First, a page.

A Virginia state court sentenced the petitioner to death after his capital murder conviction. The district court dismissed his petition for review of his death sentence under 28 U.S.C. § 2254. This was error.
The state court excluded specialized and relevant testimony of a qualified witness who would have explained that the petitioner “represents a very low risk for committing acts of violence while incarcerated,” where the jury’s only choices were life in prison without parole or death. Exclusion of this testimony was an unreasonable application of clearly established federal law. The state court’s error in this regard had a substantial and injurious effect.
The U.S. Supreme Court has long recognized that a capital sentencing body must be permitted to consider any admissible and relevant mitigating information in determining whether to assign the defendant a sentence less than death. Although the Virginia Supreme Court recognized this clearly established law, it attempted to circumvent it by relying on baseless interpretations of state law that themselves contravened longstanding Supreme Court law. A state cannot bar the consideration of evidence if the sentencer could reasonably find that it warrants a sentence less than death. Once this threshold is met, the Eighth Amendment requires that the jury be able to consider and give effect to a capital defendant’s mitigating evidence.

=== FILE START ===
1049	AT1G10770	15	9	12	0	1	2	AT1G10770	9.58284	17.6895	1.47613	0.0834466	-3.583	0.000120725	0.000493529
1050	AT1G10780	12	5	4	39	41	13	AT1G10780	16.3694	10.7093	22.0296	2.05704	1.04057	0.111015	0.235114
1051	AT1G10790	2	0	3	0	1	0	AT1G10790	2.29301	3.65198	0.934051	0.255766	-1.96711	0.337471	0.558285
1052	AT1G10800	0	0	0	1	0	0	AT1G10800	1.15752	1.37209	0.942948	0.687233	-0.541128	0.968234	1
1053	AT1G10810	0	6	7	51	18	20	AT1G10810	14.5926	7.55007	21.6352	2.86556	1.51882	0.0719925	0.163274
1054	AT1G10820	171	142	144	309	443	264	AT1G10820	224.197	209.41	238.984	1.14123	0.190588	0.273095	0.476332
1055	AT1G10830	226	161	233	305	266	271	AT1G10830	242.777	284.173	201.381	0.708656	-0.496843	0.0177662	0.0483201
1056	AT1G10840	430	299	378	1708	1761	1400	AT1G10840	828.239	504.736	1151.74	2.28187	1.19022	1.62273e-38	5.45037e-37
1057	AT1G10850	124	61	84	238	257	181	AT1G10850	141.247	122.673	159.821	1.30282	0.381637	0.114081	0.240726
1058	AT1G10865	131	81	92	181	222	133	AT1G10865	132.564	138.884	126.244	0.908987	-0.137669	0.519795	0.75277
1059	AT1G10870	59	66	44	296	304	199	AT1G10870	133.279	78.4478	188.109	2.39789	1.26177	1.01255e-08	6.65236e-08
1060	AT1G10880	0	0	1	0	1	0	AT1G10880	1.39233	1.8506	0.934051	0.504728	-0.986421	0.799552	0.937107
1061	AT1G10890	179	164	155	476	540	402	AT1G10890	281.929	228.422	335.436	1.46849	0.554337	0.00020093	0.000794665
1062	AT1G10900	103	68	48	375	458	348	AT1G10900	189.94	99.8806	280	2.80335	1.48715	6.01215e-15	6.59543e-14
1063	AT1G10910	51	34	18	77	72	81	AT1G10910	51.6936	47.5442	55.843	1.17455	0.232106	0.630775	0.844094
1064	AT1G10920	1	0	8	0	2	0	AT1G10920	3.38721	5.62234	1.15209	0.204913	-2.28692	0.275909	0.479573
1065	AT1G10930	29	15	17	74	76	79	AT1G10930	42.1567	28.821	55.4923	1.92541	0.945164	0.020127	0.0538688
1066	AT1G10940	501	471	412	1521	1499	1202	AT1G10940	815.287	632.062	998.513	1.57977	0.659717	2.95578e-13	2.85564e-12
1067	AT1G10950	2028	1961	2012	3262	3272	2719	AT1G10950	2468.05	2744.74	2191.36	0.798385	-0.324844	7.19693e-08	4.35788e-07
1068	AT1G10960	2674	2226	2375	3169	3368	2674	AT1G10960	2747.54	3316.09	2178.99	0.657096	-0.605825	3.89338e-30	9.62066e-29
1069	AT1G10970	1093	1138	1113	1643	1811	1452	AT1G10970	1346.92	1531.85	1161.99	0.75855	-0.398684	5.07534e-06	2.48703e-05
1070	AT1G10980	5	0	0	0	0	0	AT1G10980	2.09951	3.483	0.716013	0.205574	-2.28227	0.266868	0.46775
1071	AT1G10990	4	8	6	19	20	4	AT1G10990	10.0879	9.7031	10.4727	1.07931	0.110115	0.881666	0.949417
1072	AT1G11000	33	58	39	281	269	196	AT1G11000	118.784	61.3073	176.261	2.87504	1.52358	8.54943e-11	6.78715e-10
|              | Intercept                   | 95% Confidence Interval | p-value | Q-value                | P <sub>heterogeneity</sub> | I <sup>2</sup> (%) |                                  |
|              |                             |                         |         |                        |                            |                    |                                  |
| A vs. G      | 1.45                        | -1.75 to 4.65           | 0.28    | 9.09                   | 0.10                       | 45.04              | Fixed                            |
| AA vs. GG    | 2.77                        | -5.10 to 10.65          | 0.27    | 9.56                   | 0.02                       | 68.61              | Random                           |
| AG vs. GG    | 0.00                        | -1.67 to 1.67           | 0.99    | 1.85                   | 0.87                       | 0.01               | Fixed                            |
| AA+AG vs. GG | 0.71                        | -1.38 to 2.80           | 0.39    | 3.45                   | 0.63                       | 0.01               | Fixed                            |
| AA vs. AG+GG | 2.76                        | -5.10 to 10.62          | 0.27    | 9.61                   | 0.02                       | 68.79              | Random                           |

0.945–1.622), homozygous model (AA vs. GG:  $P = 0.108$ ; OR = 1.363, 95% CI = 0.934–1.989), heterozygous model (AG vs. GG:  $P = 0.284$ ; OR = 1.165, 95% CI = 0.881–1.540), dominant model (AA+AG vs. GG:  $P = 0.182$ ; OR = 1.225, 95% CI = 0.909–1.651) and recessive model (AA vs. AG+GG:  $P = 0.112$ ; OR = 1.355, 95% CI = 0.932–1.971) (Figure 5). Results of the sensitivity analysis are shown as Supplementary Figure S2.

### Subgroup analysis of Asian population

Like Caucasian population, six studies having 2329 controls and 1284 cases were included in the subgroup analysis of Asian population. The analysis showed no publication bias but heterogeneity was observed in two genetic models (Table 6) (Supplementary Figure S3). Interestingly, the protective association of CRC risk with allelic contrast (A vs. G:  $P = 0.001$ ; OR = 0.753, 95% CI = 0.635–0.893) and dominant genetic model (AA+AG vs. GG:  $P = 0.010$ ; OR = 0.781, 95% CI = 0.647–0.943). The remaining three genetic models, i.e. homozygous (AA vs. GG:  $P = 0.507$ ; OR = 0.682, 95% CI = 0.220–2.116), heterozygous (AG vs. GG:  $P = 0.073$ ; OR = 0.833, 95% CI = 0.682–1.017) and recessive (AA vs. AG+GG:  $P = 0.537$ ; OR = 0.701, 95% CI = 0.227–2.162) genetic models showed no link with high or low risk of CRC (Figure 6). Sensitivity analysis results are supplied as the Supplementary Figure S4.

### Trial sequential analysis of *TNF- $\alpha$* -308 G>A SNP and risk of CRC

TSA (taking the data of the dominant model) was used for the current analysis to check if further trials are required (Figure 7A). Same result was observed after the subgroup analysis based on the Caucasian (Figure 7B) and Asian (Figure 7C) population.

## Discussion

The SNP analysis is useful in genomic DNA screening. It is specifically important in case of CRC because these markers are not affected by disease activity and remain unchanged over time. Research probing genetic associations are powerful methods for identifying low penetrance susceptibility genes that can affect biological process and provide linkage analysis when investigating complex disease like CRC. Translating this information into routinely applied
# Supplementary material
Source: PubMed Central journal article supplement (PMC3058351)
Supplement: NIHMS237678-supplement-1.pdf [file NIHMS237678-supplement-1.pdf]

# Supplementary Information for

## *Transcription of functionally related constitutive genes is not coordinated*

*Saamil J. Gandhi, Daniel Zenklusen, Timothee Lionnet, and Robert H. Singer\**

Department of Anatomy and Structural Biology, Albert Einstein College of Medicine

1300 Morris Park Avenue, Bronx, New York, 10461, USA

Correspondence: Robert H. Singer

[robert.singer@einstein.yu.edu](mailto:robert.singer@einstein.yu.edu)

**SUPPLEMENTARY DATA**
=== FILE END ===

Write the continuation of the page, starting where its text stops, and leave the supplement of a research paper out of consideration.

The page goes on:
Reversed and remanded.